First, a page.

It intends to attract more people doing their full weekly shops through increasing the SKU count and boosting the fresh food offer. It will also introduce a greater food-to-go type proposition, and improve general service levels - by doubling in-store staff numbers.
Netto: No wonder it's been a dog in the UK; the basket's empty
Ironically such a conversion of the stores to what are effectively scaled-down full-service supermarkets is exactly what former Netto UK managing director Richard Lancaster was pursuing before he resigned from the business in late 2008. Netto's owners were understood to be not fully convinced of such a strategy.
It seems rather strange that Asda and its supportive parent Wal-mart think such a move is a great opportunity (and are willing to pay £778 million for the privilege of delivering on it) whereas Netto's owners appear to have thought otherwise. I know who I'd side with on this disagreement.
What it highlights is that even after 20 years the Danes were still unwilling to accept that food retailing in the UK was not like that of the rest of Europe.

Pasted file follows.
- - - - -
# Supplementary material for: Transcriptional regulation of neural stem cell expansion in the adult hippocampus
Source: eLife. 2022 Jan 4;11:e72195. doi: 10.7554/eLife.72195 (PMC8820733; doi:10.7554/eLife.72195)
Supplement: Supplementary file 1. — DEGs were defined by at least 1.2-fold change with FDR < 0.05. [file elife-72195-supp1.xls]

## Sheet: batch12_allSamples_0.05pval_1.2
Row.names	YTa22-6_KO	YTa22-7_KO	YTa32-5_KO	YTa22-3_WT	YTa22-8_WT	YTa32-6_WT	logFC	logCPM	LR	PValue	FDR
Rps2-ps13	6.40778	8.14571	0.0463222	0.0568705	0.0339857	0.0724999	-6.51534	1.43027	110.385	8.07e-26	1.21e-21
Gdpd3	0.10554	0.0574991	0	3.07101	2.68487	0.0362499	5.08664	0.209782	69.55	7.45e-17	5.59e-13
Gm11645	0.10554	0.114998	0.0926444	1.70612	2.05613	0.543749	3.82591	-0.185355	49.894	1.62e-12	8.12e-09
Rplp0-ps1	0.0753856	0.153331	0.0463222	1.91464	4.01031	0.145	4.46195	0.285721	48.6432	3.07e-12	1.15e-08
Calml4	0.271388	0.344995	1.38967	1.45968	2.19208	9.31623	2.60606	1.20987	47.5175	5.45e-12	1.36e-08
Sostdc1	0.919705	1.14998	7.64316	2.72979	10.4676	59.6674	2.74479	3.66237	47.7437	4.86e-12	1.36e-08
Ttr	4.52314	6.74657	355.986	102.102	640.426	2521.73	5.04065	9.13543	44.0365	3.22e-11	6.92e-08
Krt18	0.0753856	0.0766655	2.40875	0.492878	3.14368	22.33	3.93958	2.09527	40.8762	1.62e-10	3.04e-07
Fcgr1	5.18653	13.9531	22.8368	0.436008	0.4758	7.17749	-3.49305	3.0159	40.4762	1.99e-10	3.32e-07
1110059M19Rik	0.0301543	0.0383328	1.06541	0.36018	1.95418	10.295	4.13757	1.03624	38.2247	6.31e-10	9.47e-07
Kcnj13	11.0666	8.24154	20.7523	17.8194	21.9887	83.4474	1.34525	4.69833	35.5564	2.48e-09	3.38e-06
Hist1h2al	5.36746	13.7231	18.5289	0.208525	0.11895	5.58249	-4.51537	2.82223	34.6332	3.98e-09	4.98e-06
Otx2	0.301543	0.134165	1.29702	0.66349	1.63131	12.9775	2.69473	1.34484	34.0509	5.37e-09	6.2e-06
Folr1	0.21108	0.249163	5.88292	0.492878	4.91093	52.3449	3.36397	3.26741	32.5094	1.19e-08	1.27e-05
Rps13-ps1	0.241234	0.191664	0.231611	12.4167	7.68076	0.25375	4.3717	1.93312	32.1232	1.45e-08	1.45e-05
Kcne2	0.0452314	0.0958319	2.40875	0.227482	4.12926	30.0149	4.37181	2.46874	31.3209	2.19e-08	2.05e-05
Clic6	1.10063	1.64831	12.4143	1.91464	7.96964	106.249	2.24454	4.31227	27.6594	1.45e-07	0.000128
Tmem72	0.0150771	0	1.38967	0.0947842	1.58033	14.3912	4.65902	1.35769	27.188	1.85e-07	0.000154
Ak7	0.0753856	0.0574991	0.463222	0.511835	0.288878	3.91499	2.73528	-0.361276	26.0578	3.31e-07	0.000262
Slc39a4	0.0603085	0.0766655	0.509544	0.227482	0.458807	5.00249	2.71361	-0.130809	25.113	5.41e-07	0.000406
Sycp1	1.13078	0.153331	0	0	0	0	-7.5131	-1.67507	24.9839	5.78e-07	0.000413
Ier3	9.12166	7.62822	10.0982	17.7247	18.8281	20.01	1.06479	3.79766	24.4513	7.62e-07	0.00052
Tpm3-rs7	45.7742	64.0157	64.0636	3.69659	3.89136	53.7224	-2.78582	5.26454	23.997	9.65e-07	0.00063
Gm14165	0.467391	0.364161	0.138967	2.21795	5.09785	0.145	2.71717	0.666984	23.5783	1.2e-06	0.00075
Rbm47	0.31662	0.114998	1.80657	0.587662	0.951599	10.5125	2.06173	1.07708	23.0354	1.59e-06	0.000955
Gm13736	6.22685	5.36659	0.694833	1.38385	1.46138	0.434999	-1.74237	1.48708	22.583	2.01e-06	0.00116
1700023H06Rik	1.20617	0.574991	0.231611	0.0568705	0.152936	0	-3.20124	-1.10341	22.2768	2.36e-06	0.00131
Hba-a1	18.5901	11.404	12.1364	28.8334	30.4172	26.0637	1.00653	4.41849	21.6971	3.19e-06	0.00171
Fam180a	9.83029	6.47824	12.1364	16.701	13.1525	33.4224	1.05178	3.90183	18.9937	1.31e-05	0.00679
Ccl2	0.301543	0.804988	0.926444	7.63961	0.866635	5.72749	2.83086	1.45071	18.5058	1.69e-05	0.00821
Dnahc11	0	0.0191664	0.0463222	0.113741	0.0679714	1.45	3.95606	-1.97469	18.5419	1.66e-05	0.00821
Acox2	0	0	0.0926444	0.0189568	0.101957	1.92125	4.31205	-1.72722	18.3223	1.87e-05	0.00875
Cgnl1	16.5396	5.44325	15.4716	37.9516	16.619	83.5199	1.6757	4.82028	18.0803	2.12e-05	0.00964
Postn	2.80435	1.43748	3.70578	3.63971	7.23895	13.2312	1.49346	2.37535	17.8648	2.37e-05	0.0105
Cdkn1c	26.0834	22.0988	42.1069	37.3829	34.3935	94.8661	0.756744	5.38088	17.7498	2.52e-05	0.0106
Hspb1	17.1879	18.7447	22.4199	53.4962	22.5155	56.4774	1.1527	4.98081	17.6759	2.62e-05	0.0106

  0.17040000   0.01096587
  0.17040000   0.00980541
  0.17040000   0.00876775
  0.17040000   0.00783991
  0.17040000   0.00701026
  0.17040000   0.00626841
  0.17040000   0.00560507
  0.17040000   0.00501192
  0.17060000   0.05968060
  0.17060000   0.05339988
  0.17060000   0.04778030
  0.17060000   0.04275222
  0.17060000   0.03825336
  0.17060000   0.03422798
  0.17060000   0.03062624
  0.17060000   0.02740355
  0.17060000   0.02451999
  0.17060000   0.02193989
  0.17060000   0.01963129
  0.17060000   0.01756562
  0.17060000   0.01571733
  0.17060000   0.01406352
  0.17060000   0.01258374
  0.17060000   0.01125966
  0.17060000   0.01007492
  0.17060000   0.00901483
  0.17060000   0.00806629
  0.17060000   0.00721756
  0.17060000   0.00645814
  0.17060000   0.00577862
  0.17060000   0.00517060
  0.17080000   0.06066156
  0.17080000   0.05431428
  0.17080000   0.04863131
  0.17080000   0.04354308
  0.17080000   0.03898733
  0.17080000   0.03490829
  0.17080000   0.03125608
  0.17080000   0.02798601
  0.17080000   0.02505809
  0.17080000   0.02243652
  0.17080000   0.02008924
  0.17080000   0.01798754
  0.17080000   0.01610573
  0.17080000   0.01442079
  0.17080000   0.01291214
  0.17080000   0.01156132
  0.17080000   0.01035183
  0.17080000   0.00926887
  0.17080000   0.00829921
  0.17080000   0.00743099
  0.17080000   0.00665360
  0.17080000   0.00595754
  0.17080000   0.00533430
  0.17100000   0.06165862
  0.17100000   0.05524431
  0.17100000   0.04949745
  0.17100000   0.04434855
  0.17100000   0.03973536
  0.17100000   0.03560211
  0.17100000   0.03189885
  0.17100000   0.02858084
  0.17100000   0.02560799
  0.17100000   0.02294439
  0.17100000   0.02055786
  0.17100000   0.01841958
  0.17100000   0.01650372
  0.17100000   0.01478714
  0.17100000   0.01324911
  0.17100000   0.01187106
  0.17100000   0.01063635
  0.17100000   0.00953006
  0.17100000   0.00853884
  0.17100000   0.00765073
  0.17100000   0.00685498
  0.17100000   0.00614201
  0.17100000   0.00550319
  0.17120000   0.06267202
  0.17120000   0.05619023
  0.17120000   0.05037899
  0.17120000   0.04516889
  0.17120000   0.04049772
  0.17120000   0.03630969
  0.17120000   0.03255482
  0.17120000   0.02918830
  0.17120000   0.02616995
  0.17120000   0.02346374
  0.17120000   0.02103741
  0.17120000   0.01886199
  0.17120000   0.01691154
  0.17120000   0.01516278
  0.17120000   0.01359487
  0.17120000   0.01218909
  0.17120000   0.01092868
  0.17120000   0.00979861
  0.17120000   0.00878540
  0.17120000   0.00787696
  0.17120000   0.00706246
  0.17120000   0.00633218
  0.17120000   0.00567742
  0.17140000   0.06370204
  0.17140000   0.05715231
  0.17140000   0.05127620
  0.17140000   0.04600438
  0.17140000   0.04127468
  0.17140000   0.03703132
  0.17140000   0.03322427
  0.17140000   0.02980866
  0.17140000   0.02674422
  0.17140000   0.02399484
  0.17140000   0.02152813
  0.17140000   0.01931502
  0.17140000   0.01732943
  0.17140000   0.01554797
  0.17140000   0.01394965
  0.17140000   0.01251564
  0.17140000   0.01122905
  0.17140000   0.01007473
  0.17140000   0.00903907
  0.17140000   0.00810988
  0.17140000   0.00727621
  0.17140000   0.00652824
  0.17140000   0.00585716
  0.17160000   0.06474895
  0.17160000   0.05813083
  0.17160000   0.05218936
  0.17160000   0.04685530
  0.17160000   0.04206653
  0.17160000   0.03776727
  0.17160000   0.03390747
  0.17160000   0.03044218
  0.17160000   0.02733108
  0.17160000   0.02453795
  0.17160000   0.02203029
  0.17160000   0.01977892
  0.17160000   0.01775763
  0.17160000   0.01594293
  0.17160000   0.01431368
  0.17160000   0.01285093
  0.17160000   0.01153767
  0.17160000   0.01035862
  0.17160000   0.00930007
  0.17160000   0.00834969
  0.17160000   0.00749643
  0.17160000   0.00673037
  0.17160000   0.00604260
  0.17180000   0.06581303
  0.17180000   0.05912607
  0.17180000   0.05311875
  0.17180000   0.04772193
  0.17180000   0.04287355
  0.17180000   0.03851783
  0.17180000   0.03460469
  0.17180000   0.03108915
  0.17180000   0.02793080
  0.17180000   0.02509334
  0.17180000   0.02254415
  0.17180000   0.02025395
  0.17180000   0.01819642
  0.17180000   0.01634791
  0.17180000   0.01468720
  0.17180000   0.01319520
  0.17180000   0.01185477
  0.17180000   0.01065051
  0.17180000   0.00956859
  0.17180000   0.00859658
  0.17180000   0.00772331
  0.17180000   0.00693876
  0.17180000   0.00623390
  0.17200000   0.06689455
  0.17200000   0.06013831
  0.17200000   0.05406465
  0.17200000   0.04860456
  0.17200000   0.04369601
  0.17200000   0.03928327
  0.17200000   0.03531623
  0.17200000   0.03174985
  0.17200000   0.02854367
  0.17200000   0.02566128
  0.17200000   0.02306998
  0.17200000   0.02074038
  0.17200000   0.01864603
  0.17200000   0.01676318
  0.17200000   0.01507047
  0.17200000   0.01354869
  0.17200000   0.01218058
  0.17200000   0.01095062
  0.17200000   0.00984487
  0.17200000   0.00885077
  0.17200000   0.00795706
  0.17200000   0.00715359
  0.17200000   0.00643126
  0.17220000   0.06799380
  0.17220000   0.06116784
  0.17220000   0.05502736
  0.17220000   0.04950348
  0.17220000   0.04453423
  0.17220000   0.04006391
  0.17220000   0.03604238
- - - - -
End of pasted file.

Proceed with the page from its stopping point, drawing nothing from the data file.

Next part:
Insufficient support and backing to the changes implemented by Lancaster made it difficult for him to deliver on his strategy and investments made by him weren't given time to bed down and bring in returns. He therefore had to go - chiefly out of frustration. (He joined Morrison's)
Ever so slightly bigger than the average Netto store.
Netto's owners' strategy since his departure has been to cut costs and return the chain to its rock bottom cut-price roots. The very strategy that had arguably delivered little over two decades of effort. In contrast, Aldi and Lidl had made much more headway.
The sale to Asda could be the purest form of admitting (finally) that they didn't really know the UK market and that Lancaster was probably right all along. But then, judging by what I've heard, maybe not.